Consumers from vulnerable groups such as senior citizens, disabled people and those with low digital skills experience a decline in the accessibility and availability of payment services. This seems to be related to the fact that banks increasingly digitalise their services and close branches.Read more
DNB calls for new agreements about cash
De Nederlandsche Bank (DNB) calls on stakeholders in the payment chain to enter into agreements to ensure that cash remains readily accessible and available in the Netherlands in the next five years. DNB announced this today after outgoing Minister of Finance Wopke Hoekstra had presented the report “The future of the cash infrastructure in the Netherlands” to the Dutch House of Representatives. The report details the results of a study carried out by McKinsey, commissioned by DNB.
DNB aims for agreements between the relevant stakeholders, since these offer more flexibility compared with regulation. DNB hopes that all parties concerned will be prepared to participate and honour the commitments they make – even though their interests in the cash payment system differ. After all, they have a shared interest: an efficient, accessible and secure payment system.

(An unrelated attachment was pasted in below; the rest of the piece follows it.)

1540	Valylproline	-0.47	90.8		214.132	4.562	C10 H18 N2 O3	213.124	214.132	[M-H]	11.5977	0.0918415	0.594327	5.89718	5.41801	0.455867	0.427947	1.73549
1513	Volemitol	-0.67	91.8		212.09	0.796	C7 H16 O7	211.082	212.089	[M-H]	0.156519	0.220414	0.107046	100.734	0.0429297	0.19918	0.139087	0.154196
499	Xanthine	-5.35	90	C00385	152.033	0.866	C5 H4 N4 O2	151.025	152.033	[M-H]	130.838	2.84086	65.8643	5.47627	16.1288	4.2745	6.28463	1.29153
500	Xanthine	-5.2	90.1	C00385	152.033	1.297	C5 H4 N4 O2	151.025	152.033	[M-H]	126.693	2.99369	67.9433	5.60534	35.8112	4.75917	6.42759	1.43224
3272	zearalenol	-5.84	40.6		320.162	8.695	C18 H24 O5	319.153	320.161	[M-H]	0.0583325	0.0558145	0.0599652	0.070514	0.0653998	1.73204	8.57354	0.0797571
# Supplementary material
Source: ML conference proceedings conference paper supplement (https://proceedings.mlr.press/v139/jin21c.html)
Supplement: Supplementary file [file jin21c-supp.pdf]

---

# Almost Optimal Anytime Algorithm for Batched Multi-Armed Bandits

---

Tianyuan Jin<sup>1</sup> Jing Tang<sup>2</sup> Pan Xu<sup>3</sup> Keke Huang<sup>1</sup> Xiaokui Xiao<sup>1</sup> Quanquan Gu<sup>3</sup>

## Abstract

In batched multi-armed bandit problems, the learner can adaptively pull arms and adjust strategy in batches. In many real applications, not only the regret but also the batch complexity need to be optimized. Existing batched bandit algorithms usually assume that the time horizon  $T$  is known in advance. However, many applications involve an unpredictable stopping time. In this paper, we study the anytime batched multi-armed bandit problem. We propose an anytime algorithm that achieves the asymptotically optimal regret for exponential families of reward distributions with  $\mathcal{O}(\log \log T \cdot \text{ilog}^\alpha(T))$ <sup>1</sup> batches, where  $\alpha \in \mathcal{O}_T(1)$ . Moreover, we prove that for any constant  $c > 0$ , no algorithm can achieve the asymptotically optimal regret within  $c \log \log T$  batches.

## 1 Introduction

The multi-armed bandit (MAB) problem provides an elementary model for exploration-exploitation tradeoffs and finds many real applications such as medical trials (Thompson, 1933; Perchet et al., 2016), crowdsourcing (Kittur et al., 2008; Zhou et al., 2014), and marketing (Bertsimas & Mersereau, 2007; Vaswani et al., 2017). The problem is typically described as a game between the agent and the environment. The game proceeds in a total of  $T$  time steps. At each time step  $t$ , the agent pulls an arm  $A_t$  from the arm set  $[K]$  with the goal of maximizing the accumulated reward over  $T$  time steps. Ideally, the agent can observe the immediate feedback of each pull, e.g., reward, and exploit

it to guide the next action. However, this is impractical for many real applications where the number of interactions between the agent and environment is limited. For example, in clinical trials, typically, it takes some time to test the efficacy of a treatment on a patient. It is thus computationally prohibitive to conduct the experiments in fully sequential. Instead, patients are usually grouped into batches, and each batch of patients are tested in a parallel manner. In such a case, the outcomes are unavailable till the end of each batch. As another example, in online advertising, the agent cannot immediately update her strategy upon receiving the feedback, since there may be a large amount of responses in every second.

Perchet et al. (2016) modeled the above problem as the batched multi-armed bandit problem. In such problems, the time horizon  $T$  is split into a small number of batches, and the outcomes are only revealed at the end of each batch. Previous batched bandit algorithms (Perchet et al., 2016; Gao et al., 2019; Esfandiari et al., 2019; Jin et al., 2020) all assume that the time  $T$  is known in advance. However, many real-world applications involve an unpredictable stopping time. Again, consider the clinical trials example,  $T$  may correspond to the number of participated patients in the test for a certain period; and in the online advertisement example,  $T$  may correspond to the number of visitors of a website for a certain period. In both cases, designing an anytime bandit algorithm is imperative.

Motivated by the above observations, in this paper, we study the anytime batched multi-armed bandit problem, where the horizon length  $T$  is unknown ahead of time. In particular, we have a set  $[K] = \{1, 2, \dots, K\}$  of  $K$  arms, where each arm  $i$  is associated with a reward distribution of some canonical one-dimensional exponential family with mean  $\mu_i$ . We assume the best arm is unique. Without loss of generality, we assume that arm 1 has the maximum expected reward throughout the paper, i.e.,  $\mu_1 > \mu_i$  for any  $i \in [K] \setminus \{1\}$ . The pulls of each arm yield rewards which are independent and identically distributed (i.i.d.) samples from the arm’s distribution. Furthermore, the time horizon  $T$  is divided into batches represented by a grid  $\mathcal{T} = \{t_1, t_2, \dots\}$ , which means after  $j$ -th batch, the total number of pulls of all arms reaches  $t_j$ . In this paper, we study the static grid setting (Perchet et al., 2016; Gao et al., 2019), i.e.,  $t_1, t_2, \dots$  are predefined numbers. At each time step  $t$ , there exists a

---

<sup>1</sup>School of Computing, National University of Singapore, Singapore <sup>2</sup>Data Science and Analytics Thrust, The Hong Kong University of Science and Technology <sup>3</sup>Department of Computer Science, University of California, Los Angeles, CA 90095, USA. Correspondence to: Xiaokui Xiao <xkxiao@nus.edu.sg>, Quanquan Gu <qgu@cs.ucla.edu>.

The McKinsey report foresees a further decline in the use of cash. This may become a problem in the event of disruptions in electronic payments, since cash functions as a fall-back option in such cases. In addition, it could be problematic for those who are dependent on cash as their main means of payment. Cash, moreover, is public money, which means everyone should be able to use it. The report explores ways to improve the efficiency of the cash infrastructure and addresses its costs and funding. It also highlights various measures that could be used to guide its future development in the right direction. McKinsey recommends that alternative, digital means of payments are developed to function as fall-back options.
DNB endorses this recommendation. However, before cash as a fall-back instrument can be replaced by digital means of payment, the latter need to be widely available and accessible to everyone (inclusiveness). DNB advises the cabinet to think about what this will mean for the role of the government with regard to the cash infrastructure once this point is reached. While it is understandable that banks pass on the cost of payments to their customers, they should take care not to place the burden on the users of cash. DNB is of the opinion that banks’ efforts to combat money laundering and fraud should not hamper the legitimate use of cash or obstruct the accessibility of the cash payment system. Many retailers continue to accept cash, and DNB considers it important that this remains the case. Security therefore deserves continued attention from all parties in the cash chain.